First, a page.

Cherokee Flim was recently launched as an expansion of the Cherokee Nation’s other film and media endeavors. Photos courtesy of Cherokee Film

In the last several years, Oklahoma has become a popular spot to produce both television and film. With the Filmed in Oklahoma Act of 2021, options and incentives grew. 

Big productions – such as Martin Scorsese’s Killers of the Flower Moon and the Sylvester Stallone-led TV series Tulsa King – have shot in Oklahoma recently. You’ll also see our state as a backdrop to other popular shows like The Marvelous Ms. Maisel, Reservations Dogs and Fairwood.

“The film and television industry in Oklahoma is quickly becoming an integral part of our state’s business ecosystem, positively impacting our statewide communities and contributing to the growth of our local workforce,” says Jeanette Stanton, director at the Oklahoma Film and Music Office. 

All in all, the FIO Act is an absolute win for Oklahoma on all accounts. 

“The state’s film initiative program has allowed us to support both homegrown filmmakers and independent productions while also attracting high-profile studio productions,” she says. 

Cherokee Film, recently launched as an expansion of the Cherokee Nation’s film and media endeavors, also greatly benefits the state of Oklahoma – both culturally and financially. 

“Our tribe launched its first television production in 2015 with Osiyo, Voices of the Cherokee People, and created the Cherokee Nation Film Office in 2019,” says Jennifer Loren, senior director of Cherokee Film.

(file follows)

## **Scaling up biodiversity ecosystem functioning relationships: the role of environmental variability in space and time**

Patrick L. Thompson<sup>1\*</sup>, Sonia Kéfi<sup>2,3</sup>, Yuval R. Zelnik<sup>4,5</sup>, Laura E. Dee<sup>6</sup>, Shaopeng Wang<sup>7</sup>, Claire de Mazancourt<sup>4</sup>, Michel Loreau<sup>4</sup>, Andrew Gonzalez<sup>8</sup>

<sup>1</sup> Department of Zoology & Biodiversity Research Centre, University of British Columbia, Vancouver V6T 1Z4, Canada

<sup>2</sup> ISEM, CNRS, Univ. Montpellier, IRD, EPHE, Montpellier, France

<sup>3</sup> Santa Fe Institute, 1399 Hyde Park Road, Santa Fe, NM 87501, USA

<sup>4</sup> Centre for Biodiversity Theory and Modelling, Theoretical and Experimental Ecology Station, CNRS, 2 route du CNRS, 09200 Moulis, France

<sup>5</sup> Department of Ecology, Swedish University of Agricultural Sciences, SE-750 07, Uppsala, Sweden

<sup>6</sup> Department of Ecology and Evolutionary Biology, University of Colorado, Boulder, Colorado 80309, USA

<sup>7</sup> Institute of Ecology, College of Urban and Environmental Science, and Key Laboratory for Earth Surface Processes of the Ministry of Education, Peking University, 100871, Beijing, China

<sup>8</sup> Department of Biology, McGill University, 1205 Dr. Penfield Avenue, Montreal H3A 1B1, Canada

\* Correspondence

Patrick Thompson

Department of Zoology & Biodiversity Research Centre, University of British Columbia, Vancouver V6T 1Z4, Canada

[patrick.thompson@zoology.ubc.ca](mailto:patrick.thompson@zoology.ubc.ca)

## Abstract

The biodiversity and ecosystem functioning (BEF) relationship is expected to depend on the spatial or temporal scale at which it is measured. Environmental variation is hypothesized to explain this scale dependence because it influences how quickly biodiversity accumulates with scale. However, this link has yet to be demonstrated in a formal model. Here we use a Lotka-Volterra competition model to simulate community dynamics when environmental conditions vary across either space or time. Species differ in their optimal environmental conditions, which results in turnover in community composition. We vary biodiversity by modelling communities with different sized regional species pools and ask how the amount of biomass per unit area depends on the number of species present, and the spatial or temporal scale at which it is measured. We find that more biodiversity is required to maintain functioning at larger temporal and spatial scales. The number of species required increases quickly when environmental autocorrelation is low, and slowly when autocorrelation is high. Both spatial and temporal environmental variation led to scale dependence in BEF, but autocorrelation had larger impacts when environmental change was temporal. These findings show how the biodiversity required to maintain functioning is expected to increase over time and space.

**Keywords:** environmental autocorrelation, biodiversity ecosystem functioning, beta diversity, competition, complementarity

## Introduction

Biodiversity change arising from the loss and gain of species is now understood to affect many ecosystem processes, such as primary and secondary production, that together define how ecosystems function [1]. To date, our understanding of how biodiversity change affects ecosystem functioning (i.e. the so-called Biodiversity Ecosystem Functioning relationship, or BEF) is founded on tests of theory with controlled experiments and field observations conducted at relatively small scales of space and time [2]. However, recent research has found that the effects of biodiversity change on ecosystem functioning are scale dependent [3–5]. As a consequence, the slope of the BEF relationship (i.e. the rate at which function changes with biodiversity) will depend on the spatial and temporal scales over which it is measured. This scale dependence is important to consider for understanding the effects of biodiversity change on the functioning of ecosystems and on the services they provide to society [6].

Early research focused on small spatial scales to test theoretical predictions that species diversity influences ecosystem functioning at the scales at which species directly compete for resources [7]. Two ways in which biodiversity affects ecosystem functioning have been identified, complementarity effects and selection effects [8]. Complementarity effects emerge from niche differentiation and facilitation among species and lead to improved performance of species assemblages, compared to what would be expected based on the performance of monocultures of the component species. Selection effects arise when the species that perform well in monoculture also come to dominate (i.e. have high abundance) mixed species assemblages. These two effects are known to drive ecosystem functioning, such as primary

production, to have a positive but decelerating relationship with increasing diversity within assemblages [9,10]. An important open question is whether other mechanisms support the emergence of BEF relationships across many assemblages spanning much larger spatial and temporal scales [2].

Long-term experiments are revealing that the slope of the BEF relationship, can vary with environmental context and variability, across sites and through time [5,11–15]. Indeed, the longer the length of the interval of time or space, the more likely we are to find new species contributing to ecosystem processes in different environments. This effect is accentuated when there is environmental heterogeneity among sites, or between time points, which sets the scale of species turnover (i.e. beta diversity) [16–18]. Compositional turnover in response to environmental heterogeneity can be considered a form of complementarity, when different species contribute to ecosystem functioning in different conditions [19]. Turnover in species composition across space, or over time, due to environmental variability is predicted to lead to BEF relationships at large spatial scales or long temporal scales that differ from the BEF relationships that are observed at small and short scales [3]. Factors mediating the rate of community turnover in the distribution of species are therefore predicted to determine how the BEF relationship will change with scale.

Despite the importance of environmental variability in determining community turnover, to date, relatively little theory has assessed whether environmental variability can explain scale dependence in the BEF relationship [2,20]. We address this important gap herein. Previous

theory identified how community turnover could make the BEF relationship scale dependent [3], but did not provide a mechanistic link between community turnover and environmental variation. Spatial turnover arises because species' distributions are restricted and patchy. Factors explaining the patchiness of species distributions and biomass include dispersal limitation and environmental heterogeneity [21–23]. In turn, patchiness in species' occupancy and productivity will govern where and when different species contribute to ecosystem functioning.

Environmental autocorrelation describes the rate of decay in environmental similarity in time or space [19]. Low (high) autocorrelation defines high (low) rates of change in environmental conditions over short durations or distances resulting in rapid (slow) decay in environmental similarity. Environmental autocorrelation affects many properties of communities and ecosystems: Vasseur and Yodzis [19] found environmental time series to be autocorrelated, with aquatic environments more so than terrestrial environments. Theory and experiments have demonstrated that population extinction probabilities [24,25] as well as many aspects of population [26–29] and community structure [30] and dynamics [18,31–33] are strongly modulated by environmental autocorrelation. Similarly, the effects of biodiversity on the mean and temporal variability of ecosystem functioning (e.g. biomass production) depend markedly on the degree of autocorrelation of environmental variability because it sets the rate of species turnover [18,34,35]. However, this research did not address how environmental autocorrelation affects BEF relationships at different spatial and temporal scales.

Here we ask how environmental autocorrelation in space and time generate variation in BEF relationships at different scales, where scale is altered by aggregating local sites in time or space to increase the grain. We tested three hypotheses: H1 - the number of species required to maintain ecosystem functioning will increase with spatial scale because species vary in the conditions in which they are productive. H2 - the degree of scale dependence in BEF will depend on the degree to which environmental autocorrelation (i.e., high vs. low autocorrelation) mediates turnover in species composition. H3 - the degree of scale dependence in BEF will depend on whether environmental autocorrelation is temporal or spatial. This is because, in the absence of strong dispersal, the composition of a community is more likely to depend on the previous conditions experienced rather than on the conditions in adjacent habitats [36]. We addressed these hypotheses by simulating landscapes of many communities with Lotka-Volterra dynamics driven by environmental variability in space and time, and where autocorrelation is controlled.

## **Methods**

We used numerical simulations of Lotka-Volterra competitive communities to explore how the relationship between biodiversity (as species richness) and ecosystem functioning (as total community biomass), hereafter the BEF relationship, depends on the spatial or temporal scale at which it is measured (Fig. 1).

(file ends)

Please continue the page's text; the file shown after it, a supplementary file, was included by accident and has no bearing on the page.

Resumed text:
Through its four branches, Cherokee Film is already having an impact on the state and continues to do so with this expansion. 

“Our workforce development initiatives have created new film industry participants who are working to tell Oklahoma’s stories, in addition to participating in other productions that land in Oklahoma,” says Loren.

Besides the incentive and various programs, there are plenty of other factors that make Oklahoma shine in Hollywood’s eyes and make good cases for film and television to spend their dollars in the state. 

“Our low cost of living and business, skilled film workforce, growing infrastructure and heartland hospitality are definite standouts to productions,” says Stanton. 

Loren seconds: “Oklahoma is full of kind, hard-working people who are open to helping productions be successful here. Also, our state has so much to offer when it comes to filming locations, from beautiful and unique rural landscapes to cities that can dupe for major metropolises to small town Americana and everything in between.”

The Strike

Photos courtesy of Cherokee Film

As of this writing, the Writers Guild of America and Screen Actors Guild are still on strike – strikes that began in May and July, respectively. Although some discussions with the Alliance of Motion Picture and Television Producers (AMPTP) are ongoing, the outlook is still murky. 

This strike unfortunately affects Oklahoma just as much as anywhere else. 

“Our hope is that all productions which have been temporarily suspended in Oklahoma will resume once matters are resolved,” says Stanton. 

Loren adds: “The strikes are having, and will have, huge impacts on the film industry that cannot be overstated, locally and globally,” says Loren. “We believe that the strikes are a reckoning that will result in new models for film and media creation, and we believe our ecosystem is going to be a big part of that future.”

Editor’s note: Union leaders “voted unanimously to lift the restraining order and end the strike as of 12:01 am PT/3:01 am ET on Wednesday, September 27th,” the WGA said in a statement. The deal will last until May 2026 and includes a 5% minimum pay increase upon the ratification of the contract. Additional bumps will occur in 2024 and 2025. The SAG-AFTRA strike is separate from the WGA strike, and until an agreement is reached between the AMPTP and SAG-AFTRA, the actors remain on strike.

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